Cribbing and Dental Wear
If you’ve been around the horse world long enough then you are probably familiar with cribbing, an undesirable, compulsory behavior. Though there are varying degrees of the behavior, it generally involves the horse using her front teeth (incisors) to grip onto surfaces such as stall doors, fences, etc and then arching her neck to suck in air. While the practice reportedly causes a release of endorphins to give the horse a feeling of pleasure, it can also be linked to colic, stomach ulcers, and dental wear.
The amount of abnormal dental wear that a cribber possesses is highly variable depending on the surfaces used, aggressiveness of cribbing, and length of time that the horse has been cribbing. However, an experienced equine dentist can almost always identify a cribber just by opening the lips and examining the incisors.
My experience has been that heaviest wear will most often occur on the upper incisors, starting in the center and moving outwards. Depending on the horse’s movements while cribbing, the bottom incisors are also affected, but generally less heavily. Surprisingly, the cheek teeth (premolars/molars) are often hardly affected by cribbing, with the exception of extreme cases when the incisors are worn down to the point they are causing an overbite or underbite. Uneven bites like these will cause the jaw to be misaligned from front to back, and cheek teeth will wear accordingly, but generally these issues are correctable.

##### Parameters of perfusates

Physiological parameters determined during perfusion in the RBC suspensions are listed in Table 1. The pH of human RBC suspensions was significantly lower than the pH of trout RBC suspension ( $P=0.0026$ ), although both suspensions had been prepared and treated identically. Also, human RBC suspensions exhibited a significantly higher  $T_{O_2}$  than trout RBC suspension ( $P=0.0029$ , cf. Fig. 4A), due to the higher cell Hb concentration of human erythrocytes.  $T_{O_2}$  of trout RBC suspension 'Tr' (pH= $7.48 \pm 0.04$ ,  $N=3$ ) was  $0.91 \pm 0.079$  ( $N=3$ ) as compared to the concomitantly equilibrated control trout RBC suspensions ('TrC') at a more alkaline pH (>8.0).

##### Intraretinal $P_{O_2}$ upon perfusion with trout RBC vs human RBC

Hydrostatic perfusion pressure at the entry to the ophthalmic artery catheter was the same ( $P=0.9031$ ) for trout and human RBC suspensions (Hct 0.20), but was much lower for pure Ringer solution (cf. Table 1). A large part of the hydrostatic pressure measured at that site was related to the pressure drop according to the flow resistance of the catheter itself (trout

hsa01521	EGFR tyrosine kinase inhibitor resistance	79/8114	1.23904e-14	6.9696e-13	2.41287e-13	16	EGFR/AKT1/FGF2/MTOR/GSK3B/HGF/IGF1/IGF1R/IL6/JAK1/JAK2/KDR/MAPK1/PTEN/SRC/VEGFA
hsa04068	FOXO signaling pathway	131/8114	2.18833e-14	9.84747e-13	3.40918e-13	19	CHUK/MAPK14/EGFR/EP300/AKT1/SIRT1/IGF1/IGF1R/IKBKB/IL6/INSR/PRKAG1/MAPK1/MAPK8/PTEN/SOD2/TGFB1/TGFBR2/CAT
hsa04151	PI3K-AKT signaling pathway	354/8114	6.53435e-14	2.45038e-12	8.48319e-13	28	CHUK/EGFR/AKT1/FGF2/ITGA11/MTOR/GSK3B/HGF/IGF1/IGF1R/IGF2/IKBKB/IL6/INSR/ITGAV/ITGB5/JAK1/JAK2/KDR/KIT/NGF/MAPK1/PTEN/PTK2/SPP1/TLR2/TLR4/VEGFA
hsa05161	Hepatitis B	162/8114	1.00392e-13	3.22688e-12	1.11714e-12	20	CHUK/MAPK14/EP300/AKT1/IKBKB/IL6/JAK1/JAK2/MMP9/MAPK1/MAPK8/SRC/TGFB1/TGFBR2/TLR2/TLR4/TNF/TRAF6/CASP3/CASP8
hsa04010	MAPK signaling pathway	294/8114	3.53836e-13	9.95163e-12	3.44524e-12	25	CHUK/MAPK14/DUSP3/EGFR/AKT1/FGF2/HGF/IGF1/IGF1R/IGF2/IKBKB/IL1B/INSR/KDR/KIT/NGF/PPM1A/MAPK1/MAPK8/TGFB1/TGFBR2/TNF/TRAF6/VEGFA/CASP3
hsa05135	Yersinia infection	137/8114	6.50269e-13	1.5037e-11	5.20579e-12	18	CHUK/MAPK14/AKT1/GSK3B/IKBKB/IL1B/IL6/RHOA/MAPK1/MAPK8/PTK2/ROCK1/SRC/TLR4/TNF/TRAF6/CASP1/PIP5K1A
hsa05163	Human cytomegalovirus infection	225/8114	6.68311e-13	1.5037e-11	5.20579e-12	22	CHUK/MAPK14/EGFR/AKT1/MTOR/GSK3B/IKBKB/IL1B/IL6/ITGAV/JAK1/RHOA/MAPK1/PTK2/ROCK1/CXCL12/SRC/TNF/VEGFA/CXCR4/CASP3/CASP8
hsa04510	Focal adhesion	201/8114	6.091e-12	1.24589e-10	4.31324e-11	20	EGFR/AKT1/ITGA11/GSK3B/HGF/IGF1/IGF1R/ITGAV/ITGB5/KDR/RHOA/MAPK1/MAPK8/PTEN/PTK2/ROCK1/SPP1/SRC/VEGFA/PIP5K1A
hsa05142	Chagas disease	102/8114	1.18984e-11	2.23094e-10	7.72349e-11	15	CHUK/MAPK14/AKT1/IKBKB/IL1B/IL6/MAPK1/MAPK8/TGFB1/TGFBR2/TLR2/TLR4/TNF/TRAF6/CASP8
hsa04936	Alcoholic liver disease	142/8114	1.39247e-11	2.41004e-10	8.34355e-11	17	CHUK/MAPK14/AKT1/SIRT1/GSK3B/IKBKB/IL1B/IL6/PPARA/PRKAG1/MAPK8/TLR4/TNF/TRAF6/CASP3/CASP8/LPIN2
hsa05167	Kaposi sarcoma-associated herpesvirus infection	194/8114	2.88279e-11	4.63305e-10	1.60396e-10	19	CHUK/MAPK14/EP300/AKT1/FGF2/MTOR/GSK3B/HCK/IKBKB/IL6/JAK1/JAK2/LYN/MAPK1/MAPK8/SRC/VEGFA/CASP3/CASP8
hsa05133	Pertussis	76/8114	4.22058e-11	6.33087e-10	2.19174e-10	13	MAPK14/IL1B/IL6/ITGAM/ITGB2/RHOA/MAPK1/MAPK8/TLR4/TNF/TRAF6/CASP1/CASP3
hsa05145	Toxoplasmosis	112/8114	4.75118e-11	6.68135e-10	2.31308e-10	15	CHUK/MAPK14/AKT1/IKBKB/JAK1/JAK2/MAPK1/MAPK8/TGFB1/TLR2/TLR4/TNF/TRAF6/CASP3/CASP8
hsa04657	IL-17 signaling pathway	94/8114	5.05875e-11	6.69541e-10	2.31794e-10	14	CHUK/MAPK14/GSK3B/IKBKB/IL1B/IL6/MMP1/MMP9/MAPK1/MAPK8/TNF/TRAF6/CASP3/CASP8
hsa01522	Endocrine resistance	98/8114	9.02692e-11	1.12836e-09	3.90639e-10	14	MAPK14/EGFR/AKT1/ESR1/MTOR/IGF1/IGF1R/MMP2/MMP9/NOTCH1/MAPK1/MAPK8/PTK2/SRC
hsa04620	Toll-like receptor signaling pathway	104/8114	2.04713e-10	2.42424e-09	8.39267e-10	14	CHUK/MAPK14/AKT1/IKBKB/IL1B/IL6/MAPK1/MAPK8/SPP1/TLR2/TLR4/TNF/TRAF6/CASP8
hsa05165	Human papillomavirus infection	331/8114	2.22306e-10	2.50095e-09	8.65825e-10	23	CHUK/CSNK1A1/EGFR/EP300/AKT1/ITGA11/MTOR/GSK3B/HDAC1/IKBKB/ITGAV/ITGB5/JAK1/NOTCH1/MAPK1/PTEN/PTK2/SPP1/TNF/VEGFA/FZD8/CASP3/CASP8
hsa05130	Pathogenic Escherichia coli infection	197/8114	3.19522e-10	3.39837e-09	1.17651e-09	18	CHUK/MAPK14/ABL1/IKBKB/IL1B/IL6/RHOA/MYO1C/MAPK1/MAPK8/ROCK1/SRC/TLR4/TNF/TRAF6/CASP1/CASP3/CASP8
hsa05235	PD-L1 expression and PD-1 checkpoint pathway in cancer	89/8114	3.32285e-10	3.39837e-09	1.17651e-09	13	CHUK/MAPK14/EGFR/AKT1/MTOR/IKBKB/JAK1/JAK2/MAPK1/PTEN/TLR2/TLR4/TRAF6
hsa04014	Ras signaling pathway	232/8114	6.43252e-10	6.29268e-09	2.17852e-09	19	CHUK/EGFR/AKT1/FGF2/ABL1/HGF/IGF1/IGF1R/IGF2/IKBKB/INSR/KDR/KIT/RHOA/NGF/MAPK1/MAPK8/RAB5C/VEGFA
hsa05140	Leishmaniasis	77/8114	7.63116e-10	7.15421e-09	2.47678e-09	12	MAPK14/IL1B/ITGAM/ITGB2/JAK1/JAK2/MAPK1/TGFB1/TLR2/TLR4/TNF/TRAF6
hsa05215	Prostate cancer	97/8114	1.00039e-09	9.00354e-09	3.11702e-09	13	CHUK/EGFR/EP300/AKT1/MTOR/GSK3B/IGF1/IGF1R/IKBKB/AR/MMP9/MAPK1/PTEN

In summary, cribbing is not only a nuisance, but an unhealthy habit that should be stopped whenever possible. While it can cause unflattering cosmetic changes to the incisors, it generally does not affect eating habits, and routine dental care can usually resolve any unusual cheek teeth wear that has occurred. Prevention of further cribbing is the best course of action, but this article will not breach that subject.
Michael Marshall, DVM
Century Mills Equestrian Team - National Finals Results
Sarah Baker- 5th Future Beginner Flat Team
Morgan Maher- 7th Future Novice Fences Team
Sarah Baker- 6th Future Beginner Flat Individual
Morgan, Rebekah, Michela, and Sarah all had stellar rides at Nationals! The competition was fierce, but the girls held their own and came home with great ribbons. We had a big crew of supporting teammates and parents, which made the whole trip a ton of fun. Let's do it again next year!
Jean Sheptoff and Ami Des Gemmes win the $25,000 Fieldstone Spring Festival Grand Prix
Congratulations to Jean Sheptoff and Ami Des Gemmes on their win in the $25,000 Fieldstone Spring Festival Grand Prix.
Jean, manager of Newbury Farm in Littleton, MA made her Grand Prix debute two years ago, winning the the $35,000 Fieldstone Summer Showcase Grand Prix on Peaches.